STUDENT EDITORIAL: Teens & the Coronavirus Pandemic
A Note from Mrs. Rachael A. Moss, Journalism & Communications Teacher:
Before our Thanksgiving Break, the Free Lancer Staff completed their first editorial writing project. Each student identified an issue, proposed solutions and researched each topic utilizing reputable web-based sources. Our students focused on editorial writing techniques used by The New York Times and other, similar, professional publications. I am delighted to share these editorials with our community. Some writers prefer the traditional “byline,” while others opt for attribution as only “Free Lancer Staff.” This is in keeping with standards (again) set by publications like The New York Times. Thank you for reading our first ever student editorials.
The actions of teenagers in Pennsylvania and across the country as they party weekend after weekend have played no small role in the upsurge in national coronavirus cases. Throughout the summer and into the fall, high schoolers have been congregating in large groups quite frequently. The fact that no one is wearing a mask is the least egregious aspect of these sizable shindigs. Perhaps they don’t grasp the gravity of this pandemic, and how their behavior has contributed to its prolonging.
Nevertheless, it is time for the facts.
Social media serves as an inspiration for a lot of young people, and oftentimes, they attempt to emulate what they see. This has become especially harmful in recent times, when countless social media influencers or otherwise celebrities post themselves hanging out in crowds or even flying out to meet up with other influencers. Claudia Conway, teenage daughter of former Trump advisor Kellyanne Conway, caused a bit of a scandal on TikTok when another person posted a video of her maskless, ginormous Sweet 16 celebration, after she’d constantly preached wearing masks and abiding by social distancing guidelines. She claimed that the party got out of hand when those who were uninvited came swarming in, but whether her words were truthful remains uncertain.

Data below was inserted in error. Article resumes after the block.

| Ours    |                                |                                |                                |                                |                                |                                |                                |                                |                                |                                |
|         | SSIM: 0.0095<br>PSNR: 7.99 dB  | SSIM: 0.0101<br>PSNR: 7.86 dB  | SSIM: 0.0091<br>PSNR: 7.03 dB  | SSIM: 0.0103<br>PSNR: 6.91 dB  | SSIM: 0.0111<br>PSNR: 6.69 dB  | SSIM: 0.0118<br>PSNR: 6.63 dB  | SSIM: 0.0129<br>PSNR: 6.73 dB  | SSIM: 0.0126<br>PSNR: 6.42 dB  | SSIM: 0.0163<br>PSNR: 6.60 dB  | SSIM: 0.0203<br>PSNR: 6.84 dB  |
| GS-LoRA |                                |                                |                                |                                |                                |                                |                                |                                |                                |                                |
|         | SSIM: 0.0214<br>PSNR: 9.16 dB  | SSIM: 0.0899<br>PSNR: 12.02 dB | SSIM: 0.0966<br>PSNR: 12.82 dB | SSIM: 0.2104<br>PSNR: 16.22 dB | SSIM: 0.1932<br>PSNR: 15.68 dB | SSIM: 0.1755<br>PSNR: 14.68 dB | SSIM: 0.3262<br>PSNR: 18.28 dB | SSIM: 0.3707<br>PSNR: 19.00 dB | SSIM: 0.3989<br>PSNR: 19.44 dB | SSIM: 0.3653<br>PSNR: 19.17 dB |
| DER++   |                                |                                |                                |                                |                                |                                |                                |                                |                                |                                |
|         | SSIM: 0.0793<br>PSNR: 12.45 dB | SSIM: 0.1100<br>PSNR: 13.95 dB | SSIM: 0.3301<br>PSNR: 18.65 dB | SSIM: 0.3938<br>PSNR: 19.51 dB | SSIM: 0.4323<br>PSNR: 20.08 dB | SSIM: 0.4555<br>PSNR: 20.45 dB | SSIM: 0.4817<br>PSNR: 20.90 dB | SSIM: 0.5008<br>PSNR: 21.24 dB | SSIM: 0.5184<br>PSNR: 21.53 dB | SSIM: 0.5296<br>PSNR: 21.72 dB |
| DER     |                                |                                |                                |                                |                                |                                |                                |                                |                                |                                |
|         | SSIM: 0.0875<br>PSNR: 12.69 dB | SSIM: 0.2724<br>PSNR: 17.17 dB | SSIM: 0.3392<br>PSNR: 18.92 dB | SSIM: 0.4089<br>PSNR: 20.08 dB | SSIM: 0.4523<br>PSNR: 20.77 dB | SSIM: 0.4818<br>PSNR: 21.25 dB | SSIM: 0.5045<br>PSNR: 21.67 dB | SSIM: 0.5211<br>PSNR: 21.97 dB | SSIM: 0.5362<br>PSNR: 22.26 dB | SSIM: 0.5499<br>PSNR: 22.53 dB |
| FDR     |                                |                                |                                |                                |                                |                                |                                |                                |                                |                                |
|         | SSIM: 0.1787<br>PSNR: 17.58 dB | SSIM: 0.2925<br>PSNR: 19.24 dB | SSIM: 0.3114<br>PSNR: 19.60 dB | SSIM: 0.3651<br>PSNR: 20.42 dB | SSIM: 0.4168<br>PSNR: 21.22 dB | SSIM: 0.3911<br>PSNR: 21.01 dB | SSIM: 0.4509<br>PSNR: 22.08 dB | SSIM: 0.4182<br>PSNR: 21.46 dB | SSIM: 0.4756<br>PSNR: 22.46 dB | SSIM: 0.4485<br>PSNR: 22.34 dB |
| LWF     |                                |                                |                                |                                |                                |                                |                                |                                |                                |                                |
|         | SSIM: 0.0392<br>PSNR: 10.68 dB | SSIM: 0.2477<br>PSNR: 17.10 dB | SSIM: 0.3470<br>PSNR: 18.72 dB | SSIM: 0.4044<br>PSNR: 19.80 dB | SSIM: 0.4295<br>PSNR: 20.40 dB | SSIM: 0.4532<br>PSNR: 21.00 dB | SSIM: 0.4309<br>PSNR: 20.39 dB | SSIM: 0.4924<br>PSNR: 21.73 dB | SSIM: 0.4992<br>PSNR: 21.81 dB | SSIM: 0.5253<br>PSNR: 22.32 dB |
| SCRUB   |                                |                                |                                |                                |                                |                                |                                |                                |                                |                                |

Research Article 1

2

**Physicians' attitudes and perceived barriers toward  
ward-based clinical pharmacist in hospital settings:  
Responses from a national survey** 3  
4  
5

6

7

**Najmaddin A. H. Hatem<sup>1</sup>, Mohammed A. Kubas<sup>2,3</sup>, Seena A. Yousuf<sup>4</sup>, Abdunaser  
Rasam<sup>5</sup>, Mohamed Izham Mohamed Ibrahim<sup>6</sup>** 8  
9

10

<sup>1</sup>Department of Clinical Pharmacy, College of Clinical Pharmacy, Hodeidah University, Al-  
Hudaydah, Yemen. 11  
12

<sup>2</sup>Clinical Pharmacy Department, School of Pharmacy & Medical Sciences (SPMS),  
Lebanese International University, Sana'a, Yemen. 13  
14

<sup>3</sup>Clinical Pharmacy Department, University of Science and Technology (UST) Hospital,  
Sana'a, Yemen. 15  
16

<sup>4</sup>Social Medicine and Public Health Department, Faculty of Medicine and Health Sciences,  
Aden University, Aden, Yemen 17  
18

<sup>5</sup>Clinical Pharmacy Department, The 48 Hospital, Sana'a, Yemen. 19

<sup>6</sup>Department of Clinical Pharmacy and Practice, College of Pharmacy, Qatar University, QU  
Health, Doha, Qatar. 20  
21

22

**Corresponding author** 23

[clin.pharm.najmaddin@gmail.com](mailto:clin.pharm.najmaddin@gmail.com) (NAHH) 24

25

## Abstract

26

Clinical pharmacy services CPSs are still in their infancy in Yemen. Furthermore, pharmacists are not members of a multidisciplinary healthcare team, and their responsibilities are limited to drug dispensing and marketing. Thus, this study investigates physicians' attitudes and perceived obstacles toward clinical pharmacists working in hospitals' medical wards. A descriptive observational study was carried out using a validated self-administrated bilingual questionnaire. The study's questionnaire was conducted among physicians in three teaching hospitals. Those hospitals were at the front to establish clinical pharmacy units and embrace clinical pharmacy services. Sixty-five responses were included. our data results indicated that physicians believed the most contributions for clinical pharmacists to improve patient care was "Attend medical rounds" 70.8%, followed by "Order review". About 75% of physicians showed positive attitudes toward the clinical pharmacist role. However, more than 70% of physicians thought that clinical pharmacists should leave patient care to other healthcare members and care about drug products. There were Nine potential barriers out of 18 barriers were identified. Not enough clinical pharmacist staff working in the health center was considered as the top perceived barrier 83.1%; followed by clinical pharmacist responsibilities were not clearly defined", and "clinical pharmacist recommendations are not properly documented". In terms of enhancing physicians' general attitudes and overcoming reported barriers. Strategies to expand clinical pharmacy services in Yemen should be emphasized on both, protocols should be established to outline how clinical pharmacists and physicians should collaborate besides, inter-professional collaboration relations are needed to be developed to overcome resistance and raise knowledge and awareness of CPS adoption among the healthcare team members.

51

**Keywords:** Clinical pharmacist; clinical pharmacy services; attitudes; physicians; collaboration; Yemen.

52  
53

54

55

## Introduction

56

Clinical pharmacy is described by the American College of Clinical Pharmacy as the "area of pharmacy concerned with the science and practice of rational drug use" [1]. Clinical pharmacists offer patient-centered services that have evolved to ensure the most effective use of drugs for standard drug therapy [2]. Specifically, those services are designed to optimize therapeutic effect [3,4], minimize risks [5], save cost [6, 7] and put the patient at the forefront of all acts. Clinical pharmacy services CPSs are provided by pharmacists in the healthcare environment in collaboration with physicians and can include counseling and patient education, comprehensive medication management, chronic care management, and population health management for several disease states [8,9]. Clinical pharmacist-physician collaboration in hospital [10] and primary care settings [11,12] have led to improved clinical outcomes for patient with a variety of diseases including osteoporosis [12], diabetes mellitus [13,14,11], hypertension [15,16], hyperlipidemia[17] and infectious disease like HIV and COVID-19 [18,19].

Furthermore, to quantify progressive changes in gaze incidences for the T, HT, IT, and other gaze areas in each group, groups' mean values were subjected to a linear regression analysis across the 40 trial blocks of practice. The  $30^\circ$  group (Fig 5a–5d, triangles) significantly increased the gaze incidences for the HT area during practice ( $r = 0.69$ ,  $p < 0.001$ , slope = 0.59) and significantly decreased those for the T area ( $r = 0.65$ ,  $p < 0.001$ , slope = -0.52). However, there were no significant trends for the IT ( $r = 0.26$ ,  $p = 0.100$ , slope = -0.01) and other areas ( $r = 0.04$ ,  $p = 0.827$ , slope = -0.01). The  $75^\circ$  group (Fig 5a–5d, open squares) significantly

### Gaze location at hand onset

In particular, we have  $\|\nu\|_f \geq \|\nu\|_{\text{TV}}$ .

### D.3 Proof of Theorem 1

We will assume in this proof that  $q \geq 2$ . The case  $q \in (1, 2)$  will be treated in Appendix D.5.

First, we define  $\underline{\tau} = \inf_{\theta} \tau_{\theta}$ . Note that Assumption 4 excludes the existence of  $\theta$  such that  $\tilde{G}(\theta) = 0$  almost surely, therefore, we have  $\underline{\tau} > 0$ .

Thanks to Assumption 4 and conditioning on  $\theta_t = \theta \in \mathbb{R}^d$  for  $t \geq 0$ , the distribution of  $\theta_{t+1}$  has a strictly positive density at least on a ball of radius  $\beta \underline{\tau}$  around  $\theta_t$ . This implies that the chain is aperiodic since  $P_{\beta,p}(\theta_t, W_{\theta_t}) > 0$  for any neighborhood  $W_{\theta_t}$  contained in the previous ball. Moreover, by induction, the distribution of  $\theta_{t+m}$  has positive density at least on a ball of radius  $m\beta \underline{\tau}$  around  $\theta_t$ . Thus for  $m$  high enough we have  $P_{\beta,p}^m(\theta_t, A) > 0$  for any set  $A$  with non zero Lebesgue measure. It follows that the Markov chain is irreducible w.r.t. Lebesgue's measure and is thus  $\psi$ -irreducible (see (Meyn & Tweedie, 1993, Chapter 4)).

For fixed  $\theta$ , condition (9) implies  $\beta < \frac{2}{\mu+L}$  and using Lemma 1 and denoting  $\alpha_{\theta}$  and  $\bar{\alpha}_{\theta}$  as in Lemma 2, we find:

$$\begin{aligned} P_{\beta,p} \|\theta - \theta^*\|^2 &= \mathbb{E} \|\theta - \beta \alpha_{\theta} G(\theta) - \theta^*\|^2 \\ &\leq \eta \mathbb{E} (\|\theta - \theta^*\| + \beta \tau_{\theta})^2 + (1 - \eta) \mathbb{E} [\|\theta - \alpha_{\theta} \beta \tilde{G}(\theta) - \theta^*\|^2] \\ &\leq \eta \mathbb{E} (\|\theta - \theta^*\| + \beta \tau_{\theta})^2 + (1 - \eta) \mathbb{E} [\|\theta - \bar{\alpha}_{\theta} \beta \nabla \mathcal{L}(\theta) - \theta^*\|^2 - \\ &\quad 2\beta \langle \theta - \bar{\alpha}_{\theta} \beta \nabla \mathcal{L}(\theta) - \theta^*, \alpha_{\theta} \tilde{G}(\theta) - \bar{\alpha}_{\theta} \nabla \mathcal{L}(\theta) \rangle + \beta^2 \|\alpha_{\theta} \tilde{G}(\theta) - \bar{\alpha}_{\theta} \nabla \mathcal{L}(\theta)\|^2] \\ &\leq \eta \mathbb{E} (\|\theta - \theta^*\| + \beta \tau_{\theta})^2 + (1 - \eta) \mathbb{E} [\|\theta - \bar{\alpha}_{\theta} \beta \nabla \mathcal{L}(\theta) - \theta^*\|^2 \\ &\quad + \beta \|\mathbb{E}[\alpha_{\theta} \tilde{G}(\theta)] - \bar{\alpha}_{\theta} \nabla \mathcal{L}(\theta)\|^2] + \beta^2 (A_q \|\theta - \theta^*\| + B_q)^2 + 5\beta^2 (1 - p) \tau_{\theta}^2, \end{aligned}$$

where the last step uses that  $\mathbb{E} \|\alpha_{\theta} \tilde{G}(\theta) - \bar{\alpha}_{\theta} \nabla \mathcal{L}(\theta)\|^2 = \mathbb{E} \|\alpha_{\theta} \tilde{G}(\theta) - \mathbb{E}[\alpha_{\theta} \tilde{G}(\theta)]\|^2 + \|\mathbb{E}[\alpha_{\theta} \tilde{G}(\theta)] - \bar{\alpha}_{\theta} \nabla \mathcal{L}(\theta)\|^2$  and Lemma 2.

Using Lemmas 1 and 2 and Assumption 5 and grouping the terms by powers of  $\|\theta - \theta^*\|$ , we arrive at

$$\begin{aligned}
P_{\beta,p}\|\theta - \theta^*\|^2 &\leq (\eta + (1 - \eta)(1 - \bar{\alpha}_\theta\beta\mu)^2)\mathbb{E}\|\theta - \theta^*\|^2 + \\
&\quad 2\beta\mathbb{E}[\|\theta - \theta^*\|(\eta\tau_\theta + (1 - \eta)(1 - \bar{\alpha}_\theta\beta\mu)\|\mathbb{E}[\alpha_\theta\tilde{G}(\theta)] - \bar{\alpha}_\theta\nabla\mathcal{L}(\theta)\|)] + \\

The bottom line is that this behavior should not be normalized or posted about in a self-righteous manner. After all, people tend to go with the crowd. If said crowd continues to forgo any semblance of social distancing, then more and more people will come down with the coronavirus. That’s just how this works.
Prior to the holiday season, Pennsylvania health secretary Rachel Levine issued a fervent plea begging everyone to stay indoors this holiday season and to limit gatherings to the immediate family. She recognized that this is a tremendous sacrifice, but a sacrifice Pennsylvanians and Americans alike must make during these abnormal times. And she had valid grounds for this entreaty. The PolicyLab team, which examines coronavirus trends in counties across the United States, reported that Pennsylvania’s weekly cases per 100,000 people reached 95 the week of October 28, and on October 28, Philadelphia reported 362 new cases. Since the holiday season began, Pennsylvanians watch as daily numbers exponentially increase, with the most recent figures reporting over 10,000 new cases, and deaths from the virus relative to those in the first wave (March-May).